To be perfectly honest I was somewhat less than impressed with Alexandria when I stopped off there during a trip around the Eastern Mediterranean last year. After being bounced between roadblocks like a ping-pong ball by grim-looking soldiers sporting designer sunglasses in Jerusalem and herded through a shop that sold MUD from the River Jordan and Dead Sea Soap at £9 a go, it was a relief to move on to the familiar civilised flower beds and boulevards of Alanya in Turkey.
Alexandria of course has a distinguished history, founded by the great man himself on his way to conquering the known universe before meeting his untimely death. His generals went on to found their own dynasties that persisted for many centuries. These dozens of Diadochi squabbled over the carcase of his unprecedented empire for two decades following his death. The Ptolemies in Egypt, Seleucids in Persia and Antigonids in Greece were the three most powerful dynasties set up by the strongest of them, falling respectively to Rome in 47BC, the Parthians in 250BC and Rome again in 168BC. Vanity of vanities, all is vanity…
Alexandria’s illustrious heritage, unfortunately, appears to have been comprehensively buried beneath mountains of rubbish, which accumulates in every square inch of the city. This will no doubt be great news for future generations of archaeologists but for the rest of us it’s a sad comment on the state of some municipal services out here in the Mystic East.
But the lovely National Museum with its 40,000 relics going back to the 3rd century BC provided a welcome cooling respite from the heat, dust and garbage of the streets. I particularly liked the Tanagra figurines sporting the dresses and hairstyles of the last Cleopatra’s day. Nothing much like Liz Taylor’s in the film, needless to say.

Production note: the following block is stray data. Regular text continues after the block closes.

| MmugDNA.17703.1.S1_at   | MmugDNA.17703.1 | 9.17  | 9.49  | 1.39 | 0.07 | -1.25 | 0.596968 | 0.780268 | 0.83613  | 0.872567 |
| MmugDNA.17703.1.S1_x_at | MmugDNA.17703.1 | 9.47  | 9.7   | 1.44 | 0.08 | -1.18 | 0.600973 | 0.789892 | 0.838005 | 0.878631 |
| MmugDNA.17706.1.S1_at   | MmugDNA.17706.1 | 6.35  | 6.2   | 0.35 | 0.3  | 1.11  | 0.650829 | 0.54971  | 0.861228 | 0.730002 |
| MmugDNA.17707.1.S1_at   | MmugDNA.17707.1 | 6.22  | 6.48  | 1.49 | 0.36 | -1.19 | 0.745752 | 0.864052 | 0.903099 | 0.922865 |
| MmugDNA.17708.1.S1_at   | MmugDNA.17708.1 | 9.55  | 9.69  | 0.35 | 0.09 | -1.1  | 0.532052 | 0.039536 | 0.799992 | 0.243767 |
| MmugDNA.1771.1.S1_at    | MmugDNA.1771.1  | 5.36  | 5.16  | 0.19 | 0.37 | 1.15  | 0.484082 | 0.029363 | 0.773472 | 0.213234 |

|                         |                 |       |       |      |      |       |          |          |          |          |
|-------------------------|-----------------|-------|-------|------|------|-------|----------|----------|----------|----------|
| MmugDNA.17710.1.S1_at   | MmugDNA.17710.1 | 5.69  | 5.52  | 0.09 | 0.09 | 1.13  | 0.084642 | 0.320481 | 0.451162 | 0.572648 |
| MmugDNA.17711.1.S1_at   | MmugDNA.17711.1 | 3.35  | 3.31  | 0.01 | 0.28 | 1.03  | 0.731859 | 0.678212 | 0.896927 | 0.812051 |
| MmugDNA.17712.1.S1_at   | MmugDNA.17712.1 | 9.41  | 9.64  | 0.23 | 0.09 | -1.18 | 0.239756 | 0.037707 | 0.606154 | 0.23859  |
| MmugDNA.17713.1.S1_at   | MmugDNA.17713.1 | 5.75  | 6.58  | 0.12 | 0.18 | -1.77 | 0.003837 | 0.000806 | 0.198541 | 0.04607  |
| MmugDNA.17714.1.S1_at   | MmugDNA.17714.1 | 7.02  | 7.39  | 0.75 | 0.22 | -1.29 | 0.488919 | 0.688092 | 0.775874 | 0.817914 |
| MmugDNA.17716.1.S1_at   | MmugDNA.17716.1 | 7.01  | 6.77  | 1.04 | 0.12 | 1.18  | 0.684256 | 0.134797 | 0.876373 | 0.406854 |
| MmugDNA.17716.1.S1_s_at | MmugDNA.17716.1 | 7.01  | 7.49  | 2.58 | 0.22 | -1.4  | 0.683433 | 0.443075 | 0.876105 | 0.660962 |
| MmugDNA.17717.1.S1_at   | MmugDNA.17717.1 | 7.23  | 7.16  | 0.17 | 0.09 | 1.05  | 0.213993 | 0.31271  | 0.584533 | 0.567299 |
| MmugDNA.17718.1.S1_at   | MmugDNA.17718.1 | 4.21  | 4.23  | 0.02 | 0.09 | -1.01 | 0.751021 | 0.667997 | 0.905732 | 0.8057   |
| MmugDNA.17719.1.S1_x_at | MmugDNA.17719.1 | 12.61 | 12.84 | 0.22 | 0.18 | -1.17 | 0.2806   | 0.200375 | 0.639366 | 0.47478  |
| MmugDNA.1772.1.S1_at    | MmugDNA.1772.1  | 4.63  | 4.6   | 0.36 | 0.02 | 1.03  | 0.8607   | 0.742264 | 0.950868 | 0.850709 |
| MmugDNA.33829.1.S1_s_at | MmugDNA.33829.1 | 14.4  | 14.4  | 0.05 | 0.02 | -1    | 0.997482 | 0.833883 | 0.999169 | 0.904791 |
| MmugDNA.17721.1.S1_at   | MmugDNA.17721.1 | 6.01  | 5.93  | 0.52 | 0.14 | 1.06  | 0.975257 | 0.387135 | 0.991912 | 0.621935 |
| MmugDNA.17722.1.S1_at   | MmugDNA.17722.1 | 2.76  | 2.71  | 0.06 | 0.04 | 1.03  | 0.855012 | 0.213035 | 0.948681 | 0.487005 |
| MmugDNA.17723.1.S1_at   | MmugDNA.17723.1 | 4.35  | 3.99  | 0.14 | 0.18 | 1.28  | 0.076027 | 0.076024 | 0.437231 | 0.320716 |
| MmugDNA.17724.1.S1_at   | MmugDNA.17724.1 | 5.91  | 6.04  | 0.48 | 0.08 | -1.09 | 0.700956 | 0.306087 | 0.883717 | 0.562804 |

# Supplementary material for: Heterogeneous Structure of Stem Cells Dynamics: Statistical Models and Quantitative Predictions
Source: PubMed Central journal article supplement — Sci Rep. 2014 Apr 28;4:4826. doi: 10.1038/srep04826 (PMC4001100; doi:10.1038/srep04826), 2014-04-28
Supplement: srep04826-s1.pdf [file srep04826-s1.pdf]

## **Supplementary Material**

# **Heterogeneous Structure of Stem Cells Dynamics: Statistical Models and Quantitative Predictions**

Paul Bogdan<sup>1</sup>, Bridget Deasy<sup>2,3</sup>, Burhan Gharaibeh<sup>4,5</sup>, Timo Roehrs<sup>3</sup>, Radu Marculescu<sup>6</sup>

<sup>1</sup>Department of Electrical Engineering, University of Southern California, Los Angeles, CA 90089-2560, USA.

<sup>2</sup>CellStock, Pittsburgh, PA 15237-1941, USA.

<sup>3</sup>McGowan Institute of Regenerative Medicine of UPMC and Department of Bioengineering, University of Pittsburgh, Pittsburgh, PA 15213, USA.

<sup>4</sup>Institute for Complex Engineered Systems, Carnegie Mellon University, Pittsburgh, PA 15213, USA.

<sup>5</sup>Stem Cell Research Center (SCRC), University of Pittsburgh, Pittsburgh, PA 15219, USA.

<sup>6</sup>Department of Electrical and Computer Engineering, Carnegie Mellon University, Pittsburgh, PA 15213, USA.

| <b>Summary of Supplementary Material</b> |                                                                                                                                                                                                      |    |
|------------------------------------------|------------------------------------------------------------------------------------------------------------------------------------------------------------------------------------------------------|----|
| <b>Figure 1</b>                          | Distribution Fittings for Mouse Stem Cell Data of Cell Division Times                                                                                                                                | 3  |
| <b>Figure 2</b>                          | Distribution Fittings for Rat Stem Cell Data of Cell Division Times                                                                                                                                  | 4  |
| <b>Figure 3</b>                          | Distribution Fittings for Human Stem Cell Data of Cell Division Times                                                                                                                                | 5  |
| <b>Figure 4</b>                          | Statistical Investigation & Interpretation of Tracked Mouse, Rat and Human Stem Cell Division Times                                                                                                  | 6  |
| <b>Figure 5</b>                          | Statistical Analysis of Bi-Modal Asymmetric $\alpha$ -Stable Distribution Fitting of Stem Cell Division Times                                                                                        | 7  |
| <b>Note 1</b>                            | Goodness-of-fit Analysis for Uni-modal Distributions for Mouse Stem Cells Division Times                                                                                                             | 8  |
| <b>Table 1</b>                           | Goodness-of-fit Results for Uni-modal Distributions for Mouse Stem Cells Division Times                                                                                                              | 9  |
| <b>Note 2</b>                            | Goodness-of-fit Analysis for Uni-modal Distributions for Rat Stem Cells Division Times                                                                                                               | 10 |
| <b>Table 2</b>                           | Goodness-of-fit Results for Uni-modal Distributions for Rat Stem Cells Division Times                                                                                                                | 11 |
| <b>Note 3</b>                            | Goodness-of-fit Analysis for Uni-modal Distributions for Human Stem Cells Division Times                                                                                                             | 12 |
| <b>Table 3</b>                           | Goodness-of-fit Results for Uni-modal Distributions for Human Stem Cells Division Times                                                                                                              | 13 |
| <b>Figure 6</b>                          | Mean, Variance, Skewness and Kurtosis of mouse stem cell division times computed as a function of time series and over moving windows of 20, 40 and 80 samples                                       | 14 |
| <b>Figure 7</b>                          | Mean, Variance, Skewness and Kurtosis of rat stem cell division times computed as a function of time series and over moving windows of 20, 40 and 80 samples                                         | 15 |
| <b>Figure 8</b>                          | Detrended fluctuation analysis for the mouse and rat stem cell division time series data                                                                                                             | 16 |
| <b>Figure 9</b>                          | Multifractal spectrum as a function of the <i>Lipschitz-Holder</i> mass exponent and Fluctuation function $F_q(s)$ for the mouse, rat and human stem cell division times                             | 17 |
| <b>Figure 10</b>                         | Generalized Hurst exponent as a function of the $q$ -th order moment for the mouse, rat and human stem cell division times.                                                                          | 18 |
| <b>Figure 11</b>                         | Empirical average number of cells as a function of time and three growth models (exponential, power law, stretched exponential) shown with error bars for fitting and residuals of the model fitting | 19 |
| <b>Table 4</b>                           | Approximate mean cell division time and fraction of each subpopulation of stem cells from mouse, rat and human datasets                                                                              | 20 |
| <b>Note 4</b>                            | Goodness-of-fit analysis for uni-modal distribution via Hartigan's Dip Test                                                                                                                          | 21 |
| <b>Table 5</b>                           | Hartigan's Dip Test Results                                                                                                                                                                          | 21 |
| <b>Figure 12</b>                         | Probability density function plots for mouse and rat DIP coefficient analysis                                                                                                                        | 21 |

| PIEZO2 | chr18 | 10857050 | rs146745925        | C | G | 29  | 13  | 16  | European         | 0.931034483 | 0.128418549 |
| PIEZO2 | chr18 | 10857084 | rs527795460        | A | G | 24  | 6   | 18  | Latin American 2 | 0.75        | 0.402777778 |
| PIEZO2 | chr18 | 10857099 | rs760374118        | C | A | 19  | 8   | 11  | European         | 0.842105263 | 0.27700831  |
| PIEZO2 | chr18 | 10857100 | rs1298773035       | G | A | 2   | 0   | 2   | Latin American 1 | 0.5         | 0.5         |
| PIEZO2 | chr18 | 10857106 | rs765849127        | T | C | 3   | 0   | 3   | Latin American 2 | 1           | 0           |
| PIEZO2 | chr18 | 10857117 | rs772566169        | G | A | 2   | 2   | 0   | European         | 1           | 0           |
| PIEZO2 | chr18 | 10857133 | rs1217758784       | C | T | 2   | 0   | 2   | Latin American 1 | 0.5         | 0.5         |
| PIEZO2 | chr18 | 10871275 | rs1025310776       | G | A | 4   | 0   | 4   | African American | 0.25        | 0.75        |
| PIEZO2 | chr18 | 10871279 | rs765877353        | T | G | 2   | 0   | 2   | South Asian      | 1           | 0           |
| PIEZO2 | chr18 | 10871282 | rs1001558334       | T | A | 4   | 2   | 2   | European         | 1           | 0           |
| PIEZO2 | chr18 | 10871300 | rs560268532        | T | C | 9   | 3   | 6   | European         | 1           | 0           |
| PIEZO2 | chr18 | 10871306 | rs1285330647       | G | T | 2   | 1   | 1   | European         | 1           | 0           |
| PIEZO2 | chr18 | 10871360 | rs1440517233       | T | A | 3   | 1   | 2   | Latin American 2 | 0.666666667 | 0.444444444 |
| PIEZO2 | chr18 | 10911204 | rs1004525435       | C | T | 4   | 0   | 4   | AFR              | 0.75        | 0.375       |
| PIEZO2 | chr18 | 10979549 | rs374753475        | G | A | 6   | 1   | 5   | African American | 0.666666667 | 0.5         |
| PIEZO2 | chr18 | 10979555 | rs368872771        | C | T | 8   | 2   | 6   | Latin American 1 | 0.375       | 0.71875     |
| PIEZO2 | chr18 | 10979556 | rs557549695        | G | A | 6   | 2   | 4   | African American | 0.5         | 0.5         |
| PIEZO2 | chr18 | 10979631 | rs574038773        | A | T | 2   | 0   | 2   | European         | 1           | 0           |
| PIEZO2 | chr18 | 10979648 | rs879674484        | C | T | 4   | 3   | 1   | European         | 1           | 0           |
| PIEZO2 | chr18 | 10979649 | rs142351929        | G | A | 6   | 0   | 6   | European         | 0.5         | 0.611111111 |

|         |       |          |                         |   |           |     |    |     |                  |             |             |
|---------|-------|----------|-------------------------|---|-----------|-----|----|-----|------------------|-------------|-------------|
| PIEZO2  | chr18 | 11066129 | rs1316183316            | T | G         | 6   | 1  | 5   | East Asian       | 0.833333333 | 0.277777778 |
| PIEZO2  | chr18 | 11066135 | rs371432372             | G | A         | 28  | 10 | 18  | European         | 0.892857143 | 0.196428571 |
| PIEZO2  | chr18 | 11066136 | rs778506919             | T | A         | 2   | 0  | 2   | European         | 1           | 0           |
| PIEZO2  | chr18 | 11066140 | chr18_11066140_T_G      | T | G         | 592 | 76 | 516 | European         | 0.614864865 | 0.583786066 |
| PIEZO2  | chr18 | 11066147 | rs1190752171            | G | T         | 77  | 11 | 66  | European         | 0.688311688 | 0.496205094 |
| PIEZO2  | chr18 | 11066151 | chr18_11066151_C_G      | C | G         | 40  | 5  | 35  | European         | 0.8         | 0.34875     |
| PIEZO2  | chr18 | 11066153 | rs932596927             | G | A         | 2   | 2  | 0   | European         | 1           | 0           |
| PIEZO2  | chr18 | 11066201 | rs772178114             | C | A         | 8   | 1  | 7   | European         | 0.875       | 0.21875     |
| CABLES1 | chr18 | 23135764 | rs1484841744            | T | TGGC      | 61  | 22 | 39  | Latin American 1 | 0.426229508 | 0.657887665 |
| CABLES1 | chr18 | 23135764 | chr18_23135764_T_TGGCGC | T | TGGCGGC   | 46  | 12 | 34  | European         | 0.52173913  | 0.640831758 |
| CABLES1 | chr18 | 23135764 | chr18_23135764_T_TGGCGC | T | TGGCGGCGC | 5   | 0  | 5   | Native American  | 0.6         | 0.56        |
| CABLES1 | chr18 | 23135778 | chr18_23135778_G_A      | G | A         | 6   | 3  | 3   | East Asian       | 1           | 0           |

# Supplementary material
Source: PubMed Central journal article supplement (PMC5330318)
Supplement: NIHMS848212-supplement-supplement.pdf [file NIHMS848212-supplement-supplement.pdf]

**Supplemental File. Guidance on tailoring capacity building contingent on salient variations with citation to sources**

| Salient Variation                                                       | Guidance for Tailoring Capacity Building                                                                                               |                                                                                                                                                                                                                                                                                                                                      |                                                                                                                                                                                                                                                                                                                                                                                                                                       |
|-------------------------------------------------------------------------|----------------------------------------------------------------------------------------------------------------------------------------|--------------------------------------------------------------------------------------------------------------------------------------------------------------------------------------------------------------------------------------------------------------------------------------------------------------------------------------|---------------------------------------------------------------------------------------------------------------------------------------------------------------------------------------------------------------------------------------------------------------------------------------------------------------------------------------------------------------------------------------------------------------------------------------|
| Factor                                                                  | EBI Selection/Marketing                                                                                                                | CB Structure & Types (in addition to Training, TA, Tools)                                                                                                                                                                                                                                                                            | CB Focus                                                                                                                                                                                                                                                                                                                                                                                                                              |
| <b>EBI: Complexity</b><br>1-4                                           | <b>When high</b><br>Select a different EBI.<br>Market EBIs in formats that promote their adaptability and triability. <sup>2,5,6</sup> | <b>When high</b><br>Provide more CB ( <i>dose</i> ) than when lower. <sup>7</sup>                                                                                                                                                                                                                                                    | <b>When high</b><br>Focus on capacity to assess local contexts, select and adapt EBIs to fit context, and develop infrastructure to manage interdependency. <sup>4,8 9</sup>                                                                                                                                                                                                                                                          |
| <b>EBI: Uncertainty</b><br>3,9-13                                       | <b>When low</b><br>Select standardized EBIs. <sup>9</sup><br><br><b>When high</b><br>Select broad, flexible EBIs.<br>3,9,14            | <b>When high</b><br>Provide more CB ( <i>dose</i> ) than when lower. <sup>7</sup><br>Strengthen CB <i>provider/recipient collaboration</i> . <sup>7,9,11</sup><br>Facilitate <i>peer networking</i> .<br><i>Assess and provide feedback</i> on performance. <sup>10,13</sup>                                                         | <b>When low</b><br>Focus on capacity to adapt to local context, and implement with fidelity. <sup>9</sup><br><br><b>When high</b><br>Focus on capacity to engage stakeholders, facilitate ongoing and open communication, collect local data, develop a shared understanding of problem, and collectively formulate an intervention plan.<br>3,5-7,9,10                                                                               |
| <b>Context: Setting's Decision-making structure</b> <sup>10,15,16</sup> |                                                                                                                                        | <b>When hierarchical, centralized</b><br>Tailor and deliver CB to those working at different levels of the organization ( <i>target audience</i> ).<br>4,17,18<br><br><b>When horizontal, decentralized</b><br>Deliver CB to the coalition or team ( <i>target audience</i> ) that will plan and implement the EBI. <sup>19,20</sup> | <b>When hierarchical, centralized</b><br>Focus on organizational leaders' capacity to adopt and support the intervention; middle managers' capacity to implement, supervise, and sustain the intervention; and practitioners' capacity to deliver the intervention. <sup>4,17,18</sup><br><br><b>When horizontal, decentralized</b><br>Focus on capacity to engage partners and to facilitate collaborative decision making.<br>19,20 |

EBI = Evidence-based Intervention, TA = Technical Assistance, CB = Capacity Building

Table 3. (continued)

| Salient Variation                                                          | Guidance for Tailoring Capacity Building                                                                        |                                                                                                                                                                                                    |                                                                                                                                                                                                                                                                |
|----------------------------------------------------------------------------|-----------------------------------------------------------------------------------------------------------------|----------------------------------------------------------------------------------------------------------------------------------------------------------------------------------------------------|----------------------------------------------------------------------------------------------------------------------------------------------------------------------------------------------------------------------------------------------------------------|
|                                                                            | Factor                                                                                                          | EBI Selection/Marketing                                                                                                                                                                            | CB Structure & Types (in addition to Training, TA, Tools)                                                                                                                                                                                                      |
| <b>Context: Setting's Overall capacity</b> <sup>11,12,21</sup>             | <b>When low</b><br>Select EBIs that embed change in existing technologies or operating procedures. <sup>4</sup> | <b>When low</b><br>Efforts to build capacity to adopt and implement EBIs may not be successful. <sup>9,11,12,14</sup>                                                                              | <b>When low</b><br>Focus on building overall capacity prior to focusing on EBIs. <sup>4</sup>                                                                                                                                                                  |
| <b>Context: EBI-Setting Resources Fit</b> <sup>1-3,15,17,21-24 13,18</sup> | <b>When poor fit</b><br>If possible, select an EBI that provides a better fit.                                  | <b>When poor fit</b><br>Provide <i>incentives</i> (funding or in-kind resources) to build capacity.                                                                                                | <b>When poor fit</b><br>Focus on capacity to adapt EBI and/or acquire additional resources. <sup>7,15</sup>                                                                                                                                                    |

The Roman amphitheatre at Kom El Dekka was also interesting. It has 12 marble terraces in a semicircle and is the best example of its kind in Egypt, apparently. For many folks, once you’ve seen one Roman amphitheatre you’ve seen them all, but over the years I’ve learned to relish them as each one has its own distinctive character. As long as they had their bathwater and entertainment the legions could put up with anything.
The Abu El Abbas Mosque with its four domes and immensely tall minaret was also worth a visit, along with the Qait Bey Fort which occupies the original site of the Pharos lighthouse, one of the Seven Wonders of the Ancient World.
The best restaurant in town is the Samakmak at 42 Qasr Ras at-Tin, a long street that snakes out along the spur. It’s owned by a retired belly-dancer called Zizi Salem, something of a legend in her time, and does an especially good crayfish and crab tagen in a traditional clay pot.